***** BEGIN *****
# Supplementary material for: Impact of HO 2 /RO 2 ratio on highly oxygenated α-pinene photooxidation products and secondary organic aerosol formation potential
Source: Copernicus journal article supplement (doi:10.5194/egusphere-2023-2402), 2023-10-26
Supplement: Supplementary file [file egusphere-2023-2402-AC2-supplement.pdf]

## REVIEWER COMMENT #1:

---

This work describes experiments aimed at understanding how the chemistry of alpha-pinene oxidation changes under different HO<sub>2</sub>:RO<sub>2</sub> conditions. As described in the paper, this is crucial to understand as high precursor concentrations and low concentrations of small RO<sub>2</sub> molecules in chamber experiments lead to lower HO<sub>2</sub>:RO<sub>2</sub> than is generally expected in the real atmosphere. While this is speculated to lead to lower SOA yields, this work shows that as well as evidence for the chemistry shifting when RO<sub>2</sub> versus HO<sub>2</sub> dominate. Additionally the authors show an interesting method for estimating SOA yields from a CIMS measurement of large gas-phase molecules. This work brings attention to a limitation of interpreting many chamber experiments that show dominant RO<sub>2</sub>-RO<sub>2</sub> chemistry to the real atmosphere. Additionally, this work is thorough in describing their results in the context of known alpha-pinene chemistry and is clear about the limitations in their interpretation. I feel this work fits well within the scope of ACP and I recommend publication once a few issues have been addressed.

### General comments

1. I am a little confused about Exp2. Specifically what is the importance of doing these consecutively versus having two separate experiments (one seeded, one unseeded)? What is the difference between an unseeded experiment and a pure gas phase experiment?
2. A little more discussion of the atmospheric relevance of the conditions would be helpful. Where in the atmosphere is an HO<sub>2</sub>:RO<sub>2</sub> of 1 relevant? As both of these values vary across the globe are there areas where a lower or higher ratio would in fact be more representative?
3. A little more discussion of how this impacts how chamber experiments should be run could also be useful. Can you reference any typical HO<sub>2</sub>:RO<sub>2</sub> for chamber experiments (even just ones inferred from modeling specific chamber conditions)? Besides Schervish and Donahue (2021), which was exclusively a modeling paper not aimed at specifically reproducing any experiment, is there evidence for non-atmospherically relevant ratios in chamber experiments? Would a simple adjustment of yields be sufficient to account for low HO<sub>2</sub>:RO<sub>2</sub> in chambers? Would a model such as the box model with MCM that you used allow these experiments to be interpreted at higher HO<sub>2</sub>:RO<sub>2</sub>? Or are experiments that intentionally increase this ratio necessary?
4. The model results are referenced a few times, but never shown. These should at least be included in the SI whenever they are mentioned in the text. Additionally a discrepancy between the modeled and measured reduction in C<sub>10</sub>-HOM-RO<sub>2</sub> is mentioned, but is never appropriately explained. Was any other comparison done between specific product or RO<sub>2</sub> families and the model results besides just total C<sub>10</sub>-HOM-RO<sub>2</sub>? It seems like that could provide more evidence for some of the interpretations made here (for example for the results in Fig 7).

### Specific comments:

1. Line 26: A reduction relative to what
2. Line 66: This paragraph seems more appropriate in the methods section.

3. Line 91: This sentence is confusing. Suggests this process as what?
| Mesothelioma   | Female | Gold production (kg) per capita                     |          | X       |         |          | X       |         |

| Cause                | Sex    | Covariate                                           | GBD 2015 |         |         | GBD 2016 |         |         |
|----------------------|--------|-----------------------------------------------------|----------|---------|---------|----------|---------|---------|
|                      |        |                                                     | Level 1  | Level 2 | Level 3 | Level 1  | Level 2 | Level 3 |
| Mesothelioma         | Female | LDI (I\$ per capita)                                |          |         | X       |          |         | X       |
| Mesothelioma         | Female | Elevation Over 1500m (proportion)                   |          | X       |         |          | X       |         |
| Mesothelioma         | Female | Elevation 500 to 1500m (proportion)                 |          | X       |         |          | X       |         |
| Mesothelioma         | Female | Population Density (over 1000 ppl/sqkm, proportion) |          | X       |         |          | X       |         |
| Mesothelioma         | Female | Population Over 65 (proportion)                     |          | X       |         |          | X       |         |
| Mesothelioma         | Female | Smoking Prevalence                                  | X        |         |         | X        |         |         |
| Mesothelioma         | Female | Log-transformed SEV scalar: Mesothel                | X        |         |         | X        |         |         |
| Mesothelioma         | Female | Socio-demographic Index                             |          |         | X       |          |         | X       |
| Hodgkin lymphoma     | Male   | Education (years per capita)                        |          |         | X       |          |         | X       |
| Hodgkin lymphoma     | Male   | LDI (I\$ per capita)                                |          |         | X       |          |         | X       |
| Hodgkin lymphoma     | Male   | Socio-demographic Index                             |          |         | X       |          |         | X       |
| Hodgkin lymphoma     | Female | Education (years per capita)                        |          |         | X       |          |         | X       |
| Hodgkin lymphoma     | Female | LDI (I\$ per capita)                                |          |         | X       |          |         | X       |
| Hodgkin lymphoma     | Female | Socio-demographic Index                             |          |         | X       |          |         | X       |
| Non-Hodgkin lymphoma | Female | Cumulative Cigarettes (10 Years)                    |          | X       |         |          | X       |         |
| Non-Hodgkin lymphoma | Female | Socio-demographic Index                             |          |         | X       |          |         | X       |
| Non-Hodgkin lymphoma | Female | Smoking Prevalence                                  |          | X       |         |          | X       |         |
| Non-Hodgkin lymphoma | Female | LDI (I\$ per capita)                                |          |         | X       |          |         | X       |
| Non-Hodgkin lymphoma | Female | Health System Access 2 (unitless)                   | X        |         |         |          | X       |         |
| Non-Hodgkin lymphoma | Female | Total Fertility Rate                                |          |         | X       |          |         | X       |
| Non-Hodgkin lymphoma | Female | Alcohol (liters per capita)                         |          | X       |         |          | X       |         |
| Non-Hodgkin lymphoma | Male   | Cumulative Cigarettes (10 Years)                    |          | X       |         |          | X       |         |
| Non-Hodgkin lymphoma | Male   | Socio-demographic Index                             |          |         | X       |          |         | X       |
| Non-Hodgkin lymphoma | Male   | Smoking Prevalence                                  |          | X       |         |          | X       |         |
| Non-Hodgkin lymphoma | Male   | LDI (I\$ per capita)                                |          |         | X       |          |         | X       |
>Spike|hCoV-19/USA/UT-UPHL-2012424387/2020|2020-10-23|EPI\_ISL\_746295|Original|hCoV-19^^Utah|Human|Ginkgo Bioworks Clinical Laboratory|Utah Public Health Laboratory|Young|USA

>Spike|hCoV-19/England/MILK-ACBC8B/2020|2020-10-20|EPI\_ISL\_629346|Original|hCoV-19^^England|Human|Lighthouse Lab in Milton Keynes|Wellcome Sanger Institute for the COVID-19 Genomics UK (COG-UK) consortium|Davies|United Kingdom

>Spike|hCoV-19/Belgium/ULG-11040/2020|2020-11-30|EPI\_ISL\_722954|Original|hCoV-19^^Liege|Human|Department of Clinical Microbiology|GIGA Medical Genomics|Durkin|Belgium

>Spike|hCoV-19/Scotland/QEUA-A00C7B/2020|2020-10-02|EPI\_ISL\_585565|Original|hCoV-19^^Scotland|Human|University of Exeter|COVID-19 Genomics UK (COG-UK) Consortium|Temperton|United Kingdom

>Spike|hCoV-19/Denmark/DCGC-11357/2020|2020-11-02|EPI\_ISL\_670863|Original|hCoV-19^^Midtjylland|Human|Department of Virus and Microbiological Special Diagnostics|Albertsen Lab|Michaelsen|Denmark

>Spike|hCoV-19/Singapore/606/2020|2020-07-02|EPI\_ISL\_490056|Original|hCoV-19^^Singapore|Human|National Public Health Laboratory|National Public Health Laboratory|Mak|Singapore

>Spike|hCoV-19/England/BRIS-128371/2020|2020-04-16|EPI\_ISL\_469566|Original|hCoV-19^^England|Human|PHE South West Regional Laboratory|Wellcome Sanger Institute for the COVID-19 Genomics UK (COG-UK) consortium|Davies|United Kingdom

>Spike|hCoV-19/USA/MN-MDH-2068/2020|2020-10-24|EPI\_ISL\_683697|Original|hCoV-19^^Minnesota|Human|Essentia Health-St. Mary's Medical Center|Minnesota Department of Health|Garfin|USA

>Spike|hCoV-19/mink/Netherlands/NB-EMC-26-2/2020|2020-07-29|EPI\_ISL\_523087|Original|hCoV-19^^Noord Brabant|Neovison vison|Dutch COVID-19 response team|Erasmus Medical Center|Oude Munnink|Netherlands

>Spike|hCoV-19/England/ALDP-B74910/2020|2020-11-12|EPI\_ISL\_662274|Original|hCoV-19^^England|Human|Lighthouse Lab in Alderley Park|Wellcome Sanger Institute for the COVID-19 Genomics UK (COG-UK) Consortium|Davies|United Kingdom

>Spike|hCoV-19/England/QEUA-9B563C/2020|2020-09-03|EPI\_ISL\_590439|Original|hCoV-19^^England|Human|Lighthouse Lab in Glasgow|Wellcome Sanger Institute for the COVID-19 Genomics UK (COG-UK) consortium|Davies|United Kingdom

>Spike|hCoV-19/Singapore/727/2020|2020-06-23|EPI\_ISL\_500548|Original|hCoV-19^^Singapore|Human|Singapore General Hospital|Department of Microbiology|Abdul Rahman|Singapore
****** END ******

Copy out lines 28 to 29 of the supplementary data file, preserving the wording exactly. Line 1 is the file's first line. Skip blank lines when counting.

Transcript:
| Hodgkin lymphoma     | Male   | Education (years per capita)                        |          |         | X       |          |         | X       |
| Hodgkin lymphoma     | Male   | LDI (I\$ per capita)                                |          |         | X       |          |         | X       |